How does courage to change apply to the bus example? Instead of sitting with anger, you ask the driver for an update. They tell you there won’t be replacement transport and the mechanic will take 30 minutes to arrive. So you use Google Maps to search an alternative route and see your destination is 20 minutes by foot. It’s a nice day outside. You switch perspective and see this as an opportunity for an unexpected stroll in the sun.

And wisdom to know the difference

“Equanimity’s strength derives from a combination of understanding and trust. It is based on understanding that the conflict and frustration we feel when we cannot control the world doesn’t come from our inability to do so, but rather from the fact that we are trying to control the uncontrollable.” — Sharon Salzberg, Lovingkindness: The Revolutionary Art of Happiness

Third and not least, wisdom. An ability to exercise solid judgement works both ways. Take the first sentence to heart, you absolve yourself of responsibility and become a victim. Life is something that happens to you. You wave the proverbial white flag, accepting everything with resignation. No, no, no…

Wisdom is the catalyst to discerning when action can be taken, or when acceptance needs to be cultivated. Born from practice and experience, wisdom acknowledges acceptance and action are two sides of the same coin. Crucially, wisdom tells us not taking action when we have the opportunity to do is equally damaging. We can think of this as appropriate responsibility.

The locus of control — a psychological explanation

Social-learning theory provides a psychological explanation for the importance of these three sentences. The locus of control is a framework of personality developed by Julian B. Rotter, describing an individual’s belief system in relation to events in their lives. Someone with an internal locus of control believes their actions are primarily the cause of events. Those with an external locus of control primary believe events are outside of their control, the consequence of fate or luck.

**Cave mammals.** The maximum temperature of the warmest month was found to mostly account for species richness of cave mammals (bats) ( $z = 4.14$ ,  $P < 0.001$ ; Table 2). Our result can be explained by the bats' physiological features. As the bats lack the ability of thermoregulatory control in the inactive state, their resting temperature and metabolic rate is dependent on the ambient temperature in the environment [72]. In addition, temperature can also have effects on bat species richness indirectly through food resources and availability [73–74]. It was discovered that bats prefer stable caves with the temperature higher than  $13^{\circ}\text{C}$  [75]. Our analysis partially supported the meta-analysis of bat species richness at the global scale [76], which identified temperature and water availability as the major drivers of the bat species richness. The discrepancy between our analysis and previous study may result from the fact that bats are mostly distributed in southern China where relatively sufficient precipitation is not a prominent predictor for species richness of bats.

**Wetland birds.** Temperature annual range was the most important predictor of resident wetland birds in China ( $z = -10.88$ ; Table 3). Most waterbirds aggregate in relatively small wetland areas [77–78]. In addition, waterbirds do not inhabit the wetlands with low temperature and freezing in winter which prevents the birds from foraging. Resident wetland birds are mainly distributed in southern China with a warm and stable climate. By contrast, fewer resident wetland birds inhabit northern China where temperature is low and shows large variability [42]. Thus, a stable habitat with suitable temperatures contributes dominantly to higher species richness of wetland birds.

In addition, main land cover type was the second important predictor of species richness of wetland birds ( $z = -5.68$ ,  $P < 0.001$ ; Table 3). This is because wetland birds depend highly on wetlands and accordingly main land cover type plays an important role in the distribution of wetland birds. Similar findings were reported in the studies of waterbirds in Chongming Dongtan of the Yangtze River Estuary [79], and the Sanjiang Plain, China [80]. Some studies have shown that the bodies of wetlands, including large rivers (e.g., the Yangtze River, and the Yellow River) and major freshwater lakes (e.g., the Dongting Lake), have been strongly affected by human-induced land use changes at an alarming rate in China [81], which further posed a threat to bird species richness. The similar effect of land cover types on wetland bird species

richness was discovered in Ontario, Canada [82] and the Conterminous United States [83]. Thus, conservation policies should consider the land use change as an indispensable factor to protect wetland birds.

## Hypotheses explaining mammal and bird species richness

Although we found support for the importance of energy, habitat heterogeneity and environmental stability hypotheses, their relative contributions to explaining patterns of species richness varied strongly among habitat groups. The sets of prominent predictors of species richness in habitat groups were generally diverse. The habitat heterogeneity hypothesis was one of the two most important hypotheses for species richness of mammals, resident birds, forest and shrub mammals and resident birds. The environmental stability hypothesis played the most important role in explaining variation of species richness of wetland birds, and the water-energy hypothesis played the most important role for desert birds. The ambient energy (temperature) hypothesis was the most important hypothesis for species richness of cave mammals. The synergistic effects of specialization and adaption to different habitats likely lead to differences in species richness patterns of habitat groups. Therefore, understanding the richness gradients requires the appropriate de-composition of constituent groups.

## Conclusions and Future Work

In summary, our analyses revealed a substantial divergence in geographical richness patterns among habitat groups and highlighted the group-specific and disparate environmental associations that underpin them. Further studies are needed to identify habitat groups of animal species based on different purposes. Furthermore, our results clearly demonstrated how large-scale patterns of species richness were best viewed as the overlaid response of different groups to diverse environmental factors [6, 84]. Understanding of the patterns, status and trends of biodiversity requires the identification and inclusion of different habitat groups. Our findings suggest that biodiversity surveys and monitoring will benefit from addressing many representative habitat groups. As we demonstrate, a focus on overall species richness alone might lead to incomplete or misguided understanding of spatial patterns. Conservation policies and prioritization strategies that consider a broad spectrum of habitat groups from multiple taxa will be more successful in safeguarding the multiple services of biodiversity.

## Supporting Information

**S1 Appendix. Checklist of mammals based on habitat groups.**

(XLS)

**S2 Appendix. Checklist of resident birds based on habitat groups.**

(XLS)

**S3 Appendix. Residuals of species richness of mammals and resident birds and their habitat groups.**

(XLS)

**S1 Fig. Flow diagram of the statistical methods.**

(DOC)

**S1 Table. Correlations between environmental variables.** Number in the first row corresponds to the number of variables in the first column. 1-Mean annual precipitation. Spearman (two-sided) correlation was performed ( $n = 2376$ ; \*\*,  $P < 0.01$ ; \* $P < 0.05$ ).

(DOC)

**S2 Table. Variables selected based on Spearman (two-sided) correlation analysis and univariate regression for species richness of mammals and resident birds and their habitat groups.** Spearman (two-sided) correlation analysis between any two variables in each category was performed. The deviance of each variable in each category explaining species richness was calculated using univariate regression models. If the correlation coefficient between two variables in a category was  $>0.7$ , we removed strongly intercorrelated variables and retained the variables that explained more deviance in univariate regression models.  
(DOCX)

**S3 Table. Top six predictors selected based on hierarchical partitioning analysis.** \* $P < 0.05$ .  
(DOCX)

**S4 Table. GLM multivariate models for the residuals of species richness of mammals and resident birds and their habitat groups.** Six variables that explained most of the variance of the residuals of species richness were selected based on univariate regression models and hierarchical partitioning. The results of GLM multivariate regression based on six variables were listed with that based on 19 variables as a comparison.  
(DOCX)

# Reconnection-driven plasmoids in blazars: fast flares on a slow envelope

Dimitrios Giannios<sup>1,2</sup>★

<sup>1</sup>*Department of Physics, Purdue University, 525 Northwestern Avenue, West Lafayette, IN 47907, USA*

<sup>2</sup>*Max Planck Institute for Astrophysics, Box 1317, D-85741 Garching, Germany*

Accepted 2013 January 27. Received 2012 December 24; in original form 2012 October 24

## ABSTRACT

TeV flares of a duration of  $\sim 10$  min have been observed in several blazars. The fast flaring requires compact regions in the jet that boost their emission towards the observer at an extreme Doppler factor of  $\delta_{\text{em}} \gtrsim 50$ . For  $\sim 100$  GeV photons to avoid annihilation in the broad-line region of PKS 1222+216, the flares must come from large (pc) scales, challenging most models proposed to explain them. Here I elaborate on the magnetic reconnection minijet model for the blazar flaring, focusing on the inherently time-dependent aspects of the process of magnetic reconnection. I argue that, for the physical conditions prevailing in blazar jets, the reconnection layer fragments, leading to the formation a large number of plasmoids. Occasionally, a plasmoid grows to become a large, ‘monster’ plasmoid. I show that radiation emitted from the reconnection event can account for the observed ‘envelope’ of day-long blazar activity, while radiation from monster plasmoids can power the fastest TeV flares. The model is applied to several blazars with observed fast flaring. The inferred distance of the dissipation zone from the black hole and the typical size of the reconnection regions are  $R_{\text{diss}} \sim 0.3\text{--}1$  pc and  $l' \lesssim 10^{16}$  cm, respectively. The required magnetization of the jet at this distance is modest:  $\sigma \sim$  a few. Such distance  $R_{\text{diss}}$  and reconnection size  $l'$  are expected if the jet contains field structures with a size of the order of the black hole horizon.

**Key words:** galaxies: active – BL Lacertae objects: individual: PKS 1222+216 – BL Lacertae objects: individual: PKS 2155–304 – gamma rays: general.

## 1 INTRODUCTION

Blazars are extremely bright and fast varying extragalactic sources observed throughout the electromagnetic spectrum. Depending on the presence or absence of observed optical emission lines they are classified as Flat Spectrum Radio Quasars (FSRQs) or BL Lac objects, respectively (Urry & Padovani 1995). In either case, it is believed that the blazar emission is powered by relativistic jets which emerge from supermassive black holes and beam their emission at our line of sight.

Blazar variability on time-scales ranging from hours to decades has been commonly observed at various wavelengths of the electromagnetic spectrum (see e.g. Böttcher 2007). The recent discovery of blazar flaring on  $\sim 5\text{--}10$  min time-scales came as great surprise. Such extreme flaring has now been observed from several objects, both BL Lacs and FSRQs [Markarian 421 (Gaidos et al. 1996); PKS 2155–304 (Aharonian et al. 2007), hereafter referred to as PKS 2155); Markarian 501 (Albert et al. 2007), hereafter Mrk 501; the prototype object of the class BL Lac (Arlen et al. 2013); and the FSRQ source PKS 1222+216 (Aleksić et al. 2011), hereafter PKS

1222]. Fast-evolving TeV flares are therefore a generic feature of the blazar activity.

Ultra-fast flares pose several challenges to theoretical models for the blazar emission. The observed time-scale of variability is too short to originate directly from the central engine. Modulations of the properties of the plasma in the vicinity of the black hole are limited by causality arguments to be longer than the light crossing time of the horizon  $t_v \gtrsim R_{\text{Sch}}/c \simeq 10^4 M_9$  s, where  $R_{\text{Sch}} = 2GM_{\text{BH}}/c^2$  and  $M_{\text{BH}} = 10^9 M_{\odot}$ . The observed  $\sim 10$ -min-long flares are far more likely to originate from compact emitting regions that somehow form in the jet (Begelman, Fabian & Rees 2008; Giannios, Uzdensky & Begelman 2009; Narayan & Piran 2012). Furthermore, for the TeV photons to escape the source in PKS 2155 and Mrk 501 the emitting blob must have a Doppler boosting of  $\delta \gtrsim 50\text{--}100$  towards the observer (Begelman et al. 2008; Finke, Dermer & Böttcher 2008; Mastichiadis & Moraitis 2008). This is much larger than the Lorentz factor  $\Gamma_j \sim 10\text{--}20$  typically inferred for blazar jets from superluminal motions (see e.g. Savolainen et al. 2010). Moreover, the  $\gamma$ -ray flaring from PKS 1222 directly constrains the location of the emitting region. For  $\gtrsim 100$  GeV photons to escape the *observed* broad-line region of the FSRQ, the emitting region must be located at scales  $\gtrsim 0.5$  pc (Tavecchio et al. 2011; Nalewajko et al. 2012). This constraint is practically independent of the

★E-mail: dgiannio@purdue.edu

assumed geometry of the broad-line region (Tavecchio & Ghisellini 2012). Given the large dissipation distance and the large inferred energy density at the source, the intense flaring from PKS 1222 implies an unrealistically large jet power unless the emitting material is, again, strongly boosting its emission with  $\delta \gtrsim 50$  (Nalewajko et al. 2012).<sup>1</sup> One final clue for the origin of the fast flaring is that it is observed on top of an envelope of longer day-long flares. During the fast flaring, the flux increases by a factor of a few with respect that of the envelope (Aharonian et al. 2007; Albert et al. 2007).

External loci are more likely to experience depression, anxiety, and anger

Though originally theorised around student learning, Rotter’s concept is easily applied to all areas of life. Interestingly, studies have shown the external loci (I’m sure this isn’t the scientific term) amongst us are more likely to experience depression, anxiety, and anger. External loci is a breeding ground for powerlessness, which, you guessed it, leads to the paralyzing feeling life is spiralling out of control.

Bi-locals: the meeting point of responsibility and faith

The good news is these personality types aren’t black or white. Rotter noted internal and external are part of a continuum, with a third group sitting in the middle. Referred to as bi-locals, this group mixes internal and external attribution. For argument’s sake, this is the “Serenity Prayer” group. I may be bi-ased, but I see myself in this group, and I believe many on the spiritual path to be the same.

Why? Because the spiritual path combines personal responsibility with faith in something much, much bigger than ourselves. It doesn’t encourage us wait for life to do us a favour as we pray for the universe to be on our side. It encourages us to do the work, heal, increase self-awareness, cultivate skilled states of mind. Then, with our work done, we have faith external factors will be on our side; be it synchronicity, karmic law or manifestation.

Empowering ourselves to take control

“If I really want to improve my situation, I can work on the one thing over which I have control — myself.” — Stephen Covey, 7 Habits of Highly Effective People

Perhaps you’ve realised you’re on the extreme end of the internal – external continuum. Great! Belief systems are not fixed, and this is a perfect opportunity to identify what needs to change. It’s time to use these three sentences to sooth and improve (I’m a poet and I know it). Begin with acceptance, move on to action. Rinse, repeat and gain wisdom.

Belief systems are transient. The Serenity Prayer and the locus of control remind us we are never powerless. We can empower ourselves. Paradoxically, a huge, huge part of the process is accepting what we can’t control. Fortunately, as personal development guru Steven Covey suggests, there is one thing we can always control — ourselves.

Published by Ricky

Spirituality Coach and Meditation Teacher devoted to understanding the human psyche and nature of consciousness. Undergoing a life-long process of minding my ego.